By the 1990s, the lending landscape in South San Francisco had changed considerably since a group of teachers came together in 1954 to charter a new credit union for access to small, personal loans.
Originally named the School Personnel Credit Union of South San Francisco, the cooperative decades later received regulatory approval to change its name to Sierra Point Credit Union and expand its field of membership to serve the entire area.
The $27 million credit union in South San Francisco is one of the more than 150 financial institutions that are clients of Business Partners LLC, a Chatsworth, Calif.-based CUSO founded and co-owned by the failed Telesis Community Credit Union. Sierra Point partnered with BP in 2004, nine years after the business lending CUSO launched in 1995, said Deborah Trapani, president/CEO of the credit union.
Sierra Point’s initial investment of $500,000 in BP has paid off over its nine-year relationship by 230%, Trapani noted.
In even in 2012, when the NCUA had complete control of the CUSO, she said Sierra Point still managed to receive a return of more than 5%. That despite the fallout from Telesis’ conservatorship and later, its absorption by the $1.2 billion Premier America Credit Union, also in Chatsworth.
And Sierra Point plans to stick with BP for the long term.
“They’re on better footing now that the NCUA is out. Now that they have three credit union owners, new guidelines have been instituted,” Trapani said. “The changes have been very beneficial.”
“In many ways, Business Partners is redefining itself by getting back to basics. We have a very strong capital position so we can reinvest in the business by making improvements in technology, while at the same time making significant improvements to our balance sheet by reducing expenses,” said Dave Maus, president/CEO of the $1.2 billion Public Service Credit Union in Denver and board chairman of BP, in the May 1 issue of Credit Union Times.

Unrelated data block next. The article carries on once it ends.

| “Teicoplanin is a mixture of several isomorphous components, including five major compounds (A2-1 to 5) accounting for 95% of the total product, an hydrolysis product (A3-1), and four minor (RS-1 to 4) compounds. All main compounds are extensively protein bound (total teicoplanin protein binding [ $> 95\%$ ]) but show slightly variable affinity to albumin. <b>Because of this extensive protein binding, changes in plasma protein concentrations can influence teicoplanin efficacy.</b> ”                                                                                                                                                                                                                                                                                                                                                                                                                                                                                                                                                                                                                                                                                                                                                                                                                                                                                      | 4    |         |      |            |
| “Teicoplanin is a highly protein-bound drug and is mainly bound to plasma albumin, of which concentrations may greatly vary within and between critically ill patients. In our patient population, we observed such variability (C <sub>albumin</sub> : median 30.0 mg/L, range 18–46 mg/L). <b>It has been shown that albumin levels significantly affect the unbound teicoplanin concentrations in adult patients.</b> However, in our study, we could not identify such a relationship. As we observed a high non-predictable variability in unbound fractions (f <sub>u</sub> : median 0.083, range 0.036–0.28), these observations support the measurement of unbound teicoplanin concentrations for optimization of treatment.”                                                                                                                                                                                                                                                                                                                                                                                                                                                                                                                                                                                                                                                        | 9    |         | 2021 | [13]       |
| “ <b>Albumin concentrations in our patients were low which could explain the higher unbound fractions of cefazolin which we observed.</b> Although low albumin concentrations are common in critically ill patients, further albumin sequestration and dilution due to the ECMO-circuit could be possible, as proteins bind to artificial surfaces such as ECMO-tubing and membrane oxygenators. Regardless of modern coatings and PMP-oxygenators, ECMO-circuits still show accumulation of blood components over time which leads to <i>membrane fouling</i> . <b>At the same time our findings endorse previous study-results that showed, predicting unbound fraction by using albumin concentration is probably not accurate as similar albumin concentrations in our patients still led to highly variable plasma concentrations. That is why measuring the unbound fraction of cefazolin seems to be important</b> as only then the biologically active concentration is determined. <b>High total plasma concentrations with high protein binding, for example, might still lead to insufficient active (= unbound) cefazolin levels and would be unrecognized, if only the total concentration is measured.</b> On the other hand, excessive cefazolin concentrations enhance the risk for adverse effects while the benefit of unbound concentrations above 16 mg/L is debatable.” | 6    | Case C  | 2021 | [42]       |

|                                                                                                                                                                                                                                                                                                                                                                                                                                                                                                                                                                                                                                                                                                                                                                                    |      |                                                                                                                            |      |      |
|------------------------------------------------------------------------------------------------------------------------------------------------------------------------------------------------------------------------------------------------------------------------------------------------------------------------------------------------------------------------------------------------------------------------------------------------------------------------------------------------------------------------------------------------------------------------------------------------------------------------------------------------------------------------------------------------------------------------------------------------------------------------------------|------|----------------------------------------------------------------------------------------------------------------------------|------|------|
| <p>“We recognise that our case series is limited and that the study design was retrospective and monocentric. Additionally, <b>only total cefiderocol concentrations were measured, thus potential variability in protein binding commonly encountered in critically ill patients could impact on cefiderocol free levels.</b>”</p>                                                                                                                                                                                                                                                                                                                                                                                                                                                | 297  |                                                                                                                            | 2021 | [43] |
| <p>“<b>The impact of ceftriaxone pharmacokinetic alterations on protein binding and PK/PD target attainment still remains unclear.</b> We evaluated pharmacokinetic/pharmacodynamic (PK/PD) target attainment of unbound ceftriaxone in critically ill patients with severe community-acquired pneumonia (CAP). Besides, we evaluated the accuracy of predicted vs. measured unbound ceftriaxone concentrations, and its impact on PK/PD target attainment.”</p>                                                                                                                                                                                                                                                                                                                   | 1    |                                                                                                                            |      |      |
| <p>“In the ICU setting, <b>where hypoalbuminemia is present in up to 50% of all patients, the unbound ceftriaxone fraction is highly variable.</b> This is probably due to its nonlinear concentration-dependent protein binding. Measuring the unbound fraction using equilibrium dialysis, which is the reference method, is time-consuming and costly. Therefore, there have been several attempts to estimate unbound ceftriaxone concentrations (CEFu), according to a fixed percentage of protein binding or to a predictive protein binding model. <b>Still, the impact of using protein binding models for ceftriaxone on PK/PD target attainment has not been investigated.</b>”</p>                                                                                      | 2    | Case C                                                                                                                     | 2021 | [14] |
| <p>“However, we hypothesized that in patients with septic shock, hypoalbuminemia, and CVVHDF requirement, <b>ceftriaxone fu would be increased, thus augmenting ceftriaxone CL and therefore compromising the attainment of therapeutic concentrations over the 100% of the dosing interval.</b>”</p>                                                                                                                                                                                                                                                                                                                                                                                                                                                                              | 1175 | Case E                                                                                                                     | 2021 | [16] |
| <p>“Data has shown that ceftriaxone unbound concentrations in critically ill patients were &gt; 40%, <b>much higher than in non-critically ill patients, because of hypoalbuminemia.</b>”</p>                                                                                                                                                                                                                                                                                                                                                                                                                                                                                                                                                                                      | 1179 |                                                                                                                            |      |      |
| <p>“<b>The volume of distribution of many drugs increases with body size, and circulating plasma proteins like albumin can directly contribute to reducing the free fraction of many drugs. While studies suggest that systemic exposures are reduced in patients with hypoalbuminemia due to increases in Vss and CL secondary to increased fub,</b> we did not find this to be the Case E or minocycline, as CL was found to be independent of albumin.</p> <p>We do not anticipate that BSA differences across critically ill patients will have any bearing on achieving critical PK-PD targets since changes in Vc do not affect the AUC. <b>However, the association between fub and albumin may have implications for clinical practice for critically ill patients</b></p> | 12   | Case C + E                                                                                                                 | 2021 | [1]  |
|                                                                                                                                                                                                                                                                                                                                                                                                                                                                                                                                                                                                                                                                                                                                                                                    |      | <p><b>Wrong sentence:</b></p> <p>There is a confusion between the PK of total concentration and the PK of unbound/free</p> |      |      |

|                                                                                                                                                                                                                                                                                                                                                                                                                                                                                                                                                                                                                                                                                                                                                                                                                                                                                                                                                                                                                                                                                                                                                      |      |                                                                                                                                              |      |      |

Still, the NCUA’s takeover of BP created a tense atmosphere. Trapani said the regulator had concerns about the servicing not being done as timely as it would have liked. She disagreed with how the agency conducted its audit.
“They audited BP the way they would a credit union and I just think it was wrong,” Trapani said. “They were recommending things that didn’t make sense. Mostly, it was loan reviews and getting them done on a timely basis and more global cash flow analysis. Those things had already been implemented.”
John Fairbanks, NCUA public affairs specialist, said since the regulator sold its interest in BP last year and no longer has any ownership interest or control, it would not comment.
Trapani emphasized the separation between Telesis and BP even though the credit union owned 60% of the CUSO.
“Now, Telesis may have overextended itself. I really don’t have any knowledge of that. They are two separate entities, and they always were,” Trapani explained. “We made sure we tried to keep it separate.”
Going back to 1998, Sierra Point made its entry into business lending through participation loans, Trapani said. Located in an urban area in San Mateo County, an ethnically diverse and affluent swath that covers most of the San Francisco peninsula with Silicon Valley situated at the southernmost tip, the credit union was looking for new ways to generate income, she recalled.